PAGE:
Though every cloud storage service wants to simplify and unify your digital life, it can seem like they’re all just making things more fragmented. You have documents and maybe some photos in Drive, a mess of random files in Dropbox, and 7GB of music stored on an obscure cloud service that offered you a promotion once for 10GB free. If you really want to bring it all under one roof, or at least develop a cogent system for controlling the chaos, you need to make an informed choice so you get the features you want. And if you’re trying to split off from the iCloud, Google Drive, Dropbox, Amazon S3 pack you have to venture out into the wild a little bit. Browse our picks below and share your favorite cloud service in the comments if you love one we missed.
For cheap storage Copy is solid. The service gives you 15GB in the cloud for free (comparable to Google Drive and pretty good compared to Dropbox’s 5GB), and charges $10 a month for 250GB. Drive only gives you 200GB for the same price. Copy is also nice because it works on Android, iOS, Windows, and Linux, so you can really use it with everything. For the stingy among us, Copy has a feature called “Fair Storage” that lets you and friends or colleagues go dutch. If you’re sharing a 10GB folder with someone, Copy can charge each of you for 5GB instead of the whole bill going to one person. In terms of security, Copy is made by the IT security company Barracuda, so they never use third-party servers, and all of the data has AES 256 encryption, the same encryption used by companies like AgileBits for 1Password. It’s unclear whether AES is NSA-proof, but it seems to be holding up for now.
Speaking of privacy, Wuala (pronounced like voilà but with a “w”) is an interesting option because all of the service’s servers are in Germany, Switzerland, and France, countries with stricter privacy regulations than the U.S. against government snooping. The service also uses AES- 256 encryption and other standard protocols for signatures and integrity checks. Wuala is owned by LaCie and comes on some LaCie portables. Storage is kind of expensive at 5GB free and up to $12/month for 100GB.
The most free storage we could find comes from a basic account on ADrive, which gives you a very legit 50GB. ADrive has Android and iOS apps, online document editing through Zoho, and some features specifically targeted at making international sharing easier. There’s a big drawback, though. You’re getting all of that storage, but your data isn’t encrypted. Repeat: no encryption, no SSL connection. Upgrading to premium, which adds standard encryption back into the mix, is $7/month for 200GB. You get what you pay for, right?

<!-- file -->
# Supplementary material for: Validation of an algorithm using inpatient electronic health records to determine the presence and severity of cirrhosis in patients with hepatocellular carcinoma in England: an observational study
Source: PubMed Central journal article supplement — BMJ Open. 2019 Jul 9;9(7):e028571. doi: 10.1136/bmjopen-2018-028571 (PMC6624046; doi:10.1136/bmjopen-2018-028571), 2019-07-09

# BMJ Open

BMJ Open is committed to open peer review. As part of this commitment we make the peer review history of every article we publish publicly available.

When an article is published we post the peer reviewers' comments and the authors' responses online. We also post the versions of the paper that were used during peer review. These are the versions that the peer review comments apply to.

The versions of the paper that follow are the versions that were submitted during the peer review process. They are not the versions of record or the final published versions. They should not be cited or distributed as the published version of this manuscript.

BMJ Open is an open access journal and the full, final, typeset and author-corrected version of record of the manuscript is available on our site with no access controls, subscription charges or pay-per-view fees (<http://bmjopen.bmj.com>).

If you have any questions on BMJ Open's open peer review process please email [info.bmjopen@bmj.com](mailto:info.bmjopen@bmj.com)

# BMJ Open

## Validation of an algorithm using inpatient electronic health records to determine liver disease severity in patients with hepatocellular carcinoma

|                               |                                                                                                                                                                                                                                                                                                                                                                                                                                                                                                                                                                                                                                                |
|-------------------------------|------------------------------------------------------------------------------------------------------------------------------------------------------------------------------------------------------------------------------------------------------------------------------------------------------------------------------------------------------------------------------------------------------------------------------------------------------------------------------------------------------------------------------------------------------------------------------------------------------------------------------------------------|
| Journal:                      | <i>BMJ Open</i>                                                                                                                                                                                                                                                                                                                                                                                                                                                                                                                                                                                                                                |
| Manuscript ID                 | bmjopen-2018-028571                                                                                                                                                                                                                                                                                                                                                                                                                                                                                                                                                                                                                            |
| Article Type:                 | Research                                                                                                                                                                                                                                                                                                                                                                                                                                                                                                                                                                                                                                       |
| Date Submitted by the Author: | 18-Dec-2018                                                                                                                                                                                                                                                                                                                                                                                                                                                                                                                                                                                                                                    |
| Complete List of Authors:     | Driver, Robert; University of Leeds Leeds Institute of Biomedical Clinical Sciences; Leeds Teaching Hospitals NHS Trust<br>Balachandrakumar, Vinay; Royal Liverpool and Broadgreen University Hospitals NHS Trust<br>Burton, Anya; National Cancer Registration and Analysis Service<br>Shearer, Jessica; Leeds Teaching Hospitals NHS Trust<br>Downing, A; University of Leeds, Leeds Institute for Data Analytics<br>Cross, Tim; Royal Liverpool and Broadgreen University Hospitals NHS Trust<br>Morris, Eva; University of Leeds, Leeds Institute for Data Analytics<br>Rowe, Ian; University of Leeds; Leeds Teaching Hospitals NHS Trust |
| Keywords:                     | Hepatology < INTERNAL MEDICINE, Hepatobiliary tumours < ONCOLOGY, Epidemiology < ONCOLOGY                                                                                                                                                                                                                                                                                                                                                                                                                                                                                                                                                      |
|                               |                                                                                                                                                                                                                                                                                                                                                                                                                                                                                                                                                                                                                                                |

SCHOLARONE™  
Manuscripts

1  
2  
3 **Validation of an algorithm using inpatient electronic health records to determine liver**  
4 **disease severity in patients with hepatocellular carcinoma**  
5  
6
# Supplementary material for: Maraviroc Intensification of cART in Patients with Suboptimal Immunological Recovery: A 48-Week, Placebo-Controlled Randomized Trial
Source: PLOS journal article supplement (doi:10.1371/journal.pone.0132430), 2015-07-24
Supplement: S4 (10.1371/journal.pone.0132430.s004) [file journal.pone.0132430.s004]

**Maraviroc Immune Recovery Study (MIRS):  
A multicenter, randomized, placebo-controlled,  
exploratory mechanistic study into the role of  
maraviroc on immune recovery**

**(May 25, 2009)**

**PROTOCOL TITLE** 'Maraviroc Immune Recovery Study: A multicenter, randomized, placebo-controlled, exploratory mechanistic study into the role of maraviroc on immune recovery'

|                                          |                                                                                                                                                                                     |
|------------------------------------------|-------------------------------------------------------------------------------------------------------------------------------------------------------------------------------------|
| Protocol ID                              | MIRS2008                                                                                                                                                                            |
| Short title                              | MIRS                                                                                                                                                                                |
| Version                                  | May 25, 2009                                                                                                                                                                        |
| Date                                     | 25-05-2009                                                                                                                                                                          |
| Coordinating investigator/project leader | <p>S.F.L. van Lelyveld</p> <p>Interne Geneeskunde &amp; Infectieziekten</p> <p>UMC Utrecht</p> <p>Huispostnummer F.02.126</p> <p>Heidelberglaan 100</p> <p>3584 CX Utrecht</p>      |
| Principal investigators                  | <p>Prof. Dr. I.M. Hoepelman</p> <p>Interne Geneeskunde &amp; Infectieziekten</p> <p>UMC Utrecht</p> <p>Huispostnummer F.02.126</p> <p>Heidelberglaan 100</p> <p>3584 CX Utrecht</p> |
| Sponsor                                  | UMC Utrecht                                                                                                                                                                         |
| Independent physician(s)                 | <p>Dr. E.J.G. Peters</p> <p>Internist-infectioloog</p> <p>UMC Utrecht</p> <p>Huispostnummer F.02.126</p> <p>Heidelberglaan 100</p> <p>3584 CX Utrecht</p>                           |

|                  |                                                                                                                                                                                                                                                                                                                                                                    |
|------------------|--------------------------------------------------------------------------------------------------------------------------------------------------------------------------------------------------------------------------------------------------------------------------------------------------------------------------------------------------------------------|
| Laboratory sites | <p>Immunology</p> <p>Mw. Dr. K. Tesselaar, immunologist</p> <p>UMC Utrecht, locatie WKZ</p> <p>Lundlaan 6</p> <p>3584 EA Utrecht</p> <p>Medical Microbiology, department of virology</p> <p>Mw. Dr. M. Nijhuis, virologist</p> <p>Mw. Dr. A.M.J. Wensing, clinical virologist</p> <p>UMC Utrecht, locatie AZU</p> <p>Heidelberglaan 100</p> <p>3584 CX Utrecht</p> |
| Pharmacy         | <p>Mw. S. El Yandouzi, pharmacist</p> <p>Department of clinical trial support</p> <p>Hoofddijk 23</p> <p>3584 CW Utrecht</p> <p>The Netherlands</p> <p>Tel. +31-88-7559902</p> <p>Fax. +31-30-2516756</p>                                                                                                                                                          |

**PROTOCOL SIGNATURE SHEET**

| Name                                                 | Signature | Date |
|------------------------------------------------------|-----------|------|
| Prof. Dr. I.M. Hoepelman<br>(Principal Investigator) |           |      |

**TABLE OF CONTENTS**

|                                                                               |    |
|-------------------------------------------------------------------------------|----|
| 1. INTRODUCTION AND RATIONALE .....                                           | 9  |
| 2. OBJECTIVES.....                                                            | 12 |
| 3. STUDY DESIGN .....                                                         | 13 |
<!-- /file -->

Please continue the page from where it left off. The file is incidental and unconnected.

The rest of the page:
Younity‘s goal is to eliminate syncing from your life. Instead of worrying about which files you’ve stored in the cloud or which folders you have set to sync and at what times, Younity indexes whatever parts of your computer you direct it to, and then allows you to browse that index on any device. When you pick the files you want, they stream from your computer to whatever device you’re on. This setup is useful and good for privacy because it means you don’t need cloud storage at all, you just continue to manage the local storage on your different devices. And Younity recently added a new feature, the “Snapchat” of file sharing, that lets you share a locally stored file with someone else so they can access it but not permanently download it. The default time limit on their access is seven days, but you can set it to whatever you want. Currently Younity is Windows, OS X, and iOS only.
With only 2GB free, it seems like SpiderOak wouldn’t have a lot going for it, but the draw is a big emphasis on privacy. The service provides encryption on all sides and secures the keys used for decrypting data so they aren’t accessible except for data retrieval by you. The service also claims a 0.0000% margin of error for maintaing backups no matter what. As with Copy or any service using encryption methods that are included in government standards, it is possible that data may not be totally secure, but SpiderOak makes a serious effort. The service plays nice with iOS, Android, Windows, OS X, and Linux. BlackBerry and Windows Phone apps are coming soon. $10/month or $100/year for 100GB.
It might seem pretty standard, but Cubby is interesting because the service incorporates cloud storage with direct sync between devices that allows for a lot of flexibility in what files are stored where and how they are accessible. You can use “Cubby Locks” as an extra privacy measure to password protect certain files and you can use it as a backup with unlimited versioning of files you are editing or changing over time. Cubby is for Windows, OS X, iOS, and Android.